“There’s four rounds left in this fight,” he said. “And however long it takes, whatever it takes, we’ll see how it goes.”


    Doncic winced ever so slightly as he stepped onto the stage to address reporters a day after his Mavericks fell behind 3-0.

    A rough first Finals for the 25-year-old superstar, no doubt – an injury-filled postseason punctuated by fouling out for the first time in his playoff career, thanks to a four-foul fourth quarter in a 106-99 loss to the Celtics in Game 3.

    Near the end of six seasons filled with comparisons to LeBron James, here’s another for Doncic. Just like the player he idolized as a teenager, Doncic is on the verge of having to weather failure on basketball’s biggest stage before getting more chances to experience the ultimate success.

    “I didn’t really study the first Finals of some people,” Doncic said Thursday.

    Doncic did remember the first Eastern Conference finals – two, actually – for Michael Jordan in Chicago a generation ago.

    “Obviously, there’s the story of MJ against Detroit,” the five-time All-Star said. “That was a big thing. I think he just learned from it. You’ve got to go through lows first to go on top. I think that’s great experience.”

    After finally breaking through against the Pistons, Jordan won the title in his first trip to the NBA Finals in 1991, the start of a 6-0 run in the title series over an eight-season span.

    Doncic is at risk of the same fate in his first Finals as James, who was swept with Cleveland against San Antonio in 2007. James lost again with Miami – against Dallas, no less – in 2011 before winning back-to-back titles with the Heat.

    Asked if he thought his game could improve in the offseason, Doncic said, “Oh, definitely, a lot of holes,” before reiterating he would learn plenty from his first Finals.

    The end is near for Dallas because Doncic didn’t get enough help from co-star Kyrie Irving in the first two games, or from his supporting cast in any of the first three.

    Still, the Slovenian sensation has had his own difficulties, particularly in Game 3. The Celtics relentlessly targeted Doncic’s defense, which has been solid to good overall in these playoffs.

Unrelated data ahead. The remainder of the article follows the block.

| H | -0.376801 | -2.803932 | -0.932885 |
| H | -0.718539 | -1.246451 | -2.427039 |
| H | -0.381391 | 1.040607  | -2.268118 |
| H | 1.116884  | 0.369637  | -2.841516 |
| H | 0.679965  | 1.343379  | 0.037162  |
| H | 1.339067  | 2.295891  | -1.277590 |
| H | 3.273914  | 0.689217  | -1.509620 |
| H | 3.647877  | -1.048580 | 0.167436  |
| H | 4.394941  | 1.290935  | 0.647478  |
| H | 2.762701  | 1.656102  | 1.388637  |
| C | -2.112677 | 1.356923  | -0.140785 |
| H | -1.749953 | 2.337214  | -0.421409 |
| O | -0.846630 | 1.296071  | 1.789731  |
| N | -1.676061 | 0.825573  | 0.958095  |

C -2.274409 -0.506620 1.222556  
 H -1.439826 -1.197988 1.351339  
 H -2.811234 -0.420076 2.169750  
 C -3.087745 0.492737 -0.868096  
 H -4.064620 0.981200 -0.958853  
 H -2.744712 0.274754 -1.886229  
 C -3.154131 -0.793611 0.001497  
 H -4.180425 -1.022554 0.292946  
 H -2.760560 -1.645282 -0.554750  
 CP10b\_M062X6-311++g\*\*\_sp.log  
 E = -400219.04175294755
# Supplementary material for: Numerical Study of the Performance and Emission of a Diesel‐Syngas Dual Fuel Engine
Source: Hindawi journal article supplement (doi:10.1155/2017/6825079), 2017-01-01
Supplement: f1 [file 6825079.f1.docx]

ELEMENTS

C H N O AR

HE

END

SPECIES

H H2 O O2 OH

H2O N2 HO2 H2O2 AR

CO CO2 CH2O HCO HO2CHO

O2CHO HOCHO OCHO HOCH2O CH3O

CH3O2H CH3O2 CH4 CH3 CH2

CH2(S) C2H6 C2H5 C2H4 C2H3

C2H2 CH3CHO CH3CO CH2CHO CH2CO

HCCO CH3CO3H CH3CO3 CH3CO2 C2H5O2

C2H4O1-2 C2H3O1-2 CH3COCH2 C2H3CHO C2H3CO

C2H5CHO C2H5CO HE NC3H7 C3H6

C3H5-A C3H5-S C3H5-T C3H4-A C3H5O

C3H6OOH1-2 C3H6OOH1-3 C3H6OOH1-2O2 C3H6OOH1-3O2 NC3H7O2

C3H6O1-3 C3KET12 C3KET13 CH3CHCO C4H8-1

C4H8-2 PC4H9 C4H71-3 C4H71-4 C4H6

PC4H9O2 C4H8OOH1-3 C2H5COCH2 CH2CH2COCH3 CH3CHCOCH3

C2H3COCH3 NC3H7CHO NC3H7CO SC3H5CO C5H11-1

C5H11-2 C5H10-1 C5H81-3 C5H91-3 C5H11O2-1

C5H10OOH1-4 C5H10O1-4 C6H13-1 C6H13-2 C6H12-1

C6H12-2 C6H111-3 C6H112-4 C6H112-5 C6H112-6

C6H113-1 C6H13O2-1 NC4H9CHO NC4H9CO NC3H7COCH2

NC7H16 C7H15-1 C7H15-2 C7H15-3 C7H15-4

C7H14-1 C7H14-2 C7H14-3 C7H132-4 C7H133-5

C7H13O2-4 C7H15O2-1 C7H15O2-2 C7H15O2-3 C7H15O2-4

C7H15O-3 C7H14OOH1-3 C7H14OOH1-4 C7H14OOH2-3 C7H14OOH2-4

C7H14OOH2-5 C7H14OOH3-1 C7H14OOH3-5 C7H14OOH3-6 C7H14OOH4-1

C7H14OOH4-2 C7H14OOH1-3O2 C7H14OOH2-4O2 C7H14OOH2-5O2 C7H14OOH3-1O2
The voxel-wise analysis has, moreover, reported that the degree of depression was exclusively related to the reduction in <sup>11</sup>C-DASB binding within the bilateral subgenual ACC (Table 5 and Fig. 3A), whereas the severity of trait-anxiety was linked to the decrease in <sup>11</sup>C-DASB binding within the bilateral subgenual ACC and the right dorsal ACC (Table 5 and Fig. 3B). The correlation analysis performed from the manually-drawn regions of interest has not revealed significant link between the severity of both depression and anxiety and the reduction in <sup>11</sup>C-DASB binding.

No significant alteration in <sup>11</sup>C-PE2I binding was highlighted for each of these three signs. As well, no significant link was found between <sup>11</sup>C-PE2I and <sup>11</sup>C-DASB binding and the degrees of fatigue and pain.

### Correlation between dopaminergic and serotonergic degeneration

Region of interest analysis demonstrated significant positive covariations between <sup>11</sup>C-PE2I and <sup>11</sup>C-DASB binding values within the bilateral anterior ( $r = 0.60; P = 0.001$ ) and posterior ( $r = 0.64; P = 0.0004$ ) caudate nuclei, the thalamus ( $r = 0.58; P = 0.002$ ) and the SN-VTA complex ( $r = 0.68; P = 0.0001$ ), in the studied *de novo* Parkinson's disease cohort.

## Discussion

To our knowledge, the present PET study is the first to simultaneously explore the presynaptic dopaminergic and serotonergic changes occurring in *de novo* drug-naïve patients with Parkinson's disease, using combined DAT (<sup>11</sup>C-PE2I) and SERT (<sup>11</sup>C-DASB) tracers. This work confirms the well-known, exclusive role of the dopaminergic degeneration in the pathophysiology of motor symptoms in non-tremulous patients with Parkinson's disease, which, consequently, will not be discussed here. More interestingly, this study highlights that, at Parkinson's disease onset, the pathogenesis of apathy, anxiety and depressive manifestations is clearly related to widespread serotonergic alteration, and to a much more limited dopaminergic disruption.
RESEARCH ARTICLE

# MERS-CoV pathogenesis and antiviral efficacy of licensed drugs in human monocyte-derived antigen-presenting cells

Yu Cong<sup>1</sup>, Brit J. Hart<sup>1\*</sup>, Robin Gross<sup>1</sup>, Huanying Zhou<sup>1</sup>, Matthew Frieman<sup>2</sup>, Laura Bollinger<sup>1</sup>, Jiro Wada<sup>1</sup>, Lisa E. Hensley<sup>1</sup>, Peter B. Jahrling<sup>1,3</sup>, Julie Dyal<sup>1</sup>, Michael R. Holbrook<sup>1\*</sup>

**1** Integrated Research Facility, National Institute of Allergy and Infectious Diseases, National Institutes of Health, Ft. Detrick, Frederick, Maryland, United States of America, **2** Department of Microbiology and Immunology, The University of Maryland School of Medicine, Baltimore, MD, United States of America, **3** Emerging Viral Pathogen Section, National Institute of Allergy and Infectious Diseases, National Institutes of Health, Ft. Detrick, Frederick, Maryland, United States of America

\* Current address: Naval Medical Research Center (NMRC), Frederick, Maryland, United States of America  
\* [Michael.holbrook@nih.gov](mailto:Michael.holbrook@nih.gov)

The four fouls came so quickly in the fourth quarter, his sixth forced a challenge that Dallas lost with 4:12 remaining. The Mavs were on a 20-2 run when Doncic was disqualified, and scored again to get within a point before Boston held on to avoid blowing a 21-point lead with 11 minutes remaining.

    With a long history of complaining to officials, Doncic made a point earlier in the playoffs to go back to having fun. He’s had trouble sustaining it, and didn’t have kind words for the refs after fouling out in regulation for the first time in his career.

    “I just really want to win,” Doncic said. “Sometimes I don’t show it the right way, but at the end of the day, I really want to win. I’ve got to do a better job showing it a different way.”

    Doncic is 3 for 3 on miserable fourth quarters in the Finals, with more turnovers (four) than baskets (three) and zero 3-pointers. Before the rare foul-out (the third of Doncic’s career), he sat most of the fourth with the Celtics comfortably in front in Game 1.

    Dallas’ best closer hasn’t been closing in this series, and added a chest contusion to a postseason litany of ailments that included a sprained right knee and a sore left ankle.

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    Although the chest injury – sustained in Game 1 – was the only one on the latest injury report, it’s significant enough that Doncic confirmed to ESPN the network’s report that he had been taking a pain-killing injection by acknowledging he would probably have another one before Game 4.

    “My message to him is he’s not alone in this,” said Irving, who bounced back from a sluggish offensive start to the series with 35 points in Game 3. “He’s played as best as he can despite the circumstances, just injuries and stuff. He’s been giving it his all. It’s not all on him.”

    The spotlight in still on him, just as it was for Jordan in the late 1980s and early 1990s, and James before the first of his four titles nearly 20 years ago.

    “I think the history is there for us to learn from, when you look at great players and the struggles,” Kidd said. “But the great ones, they use that going into the next season or the next couple seasons to try to get back there because now they understand experience is a big thing.”

    Doncic won’t do that until this season is officially over.

    AP sports writer Schuyler Dixon contributed to this story.

    ​ Orange County Register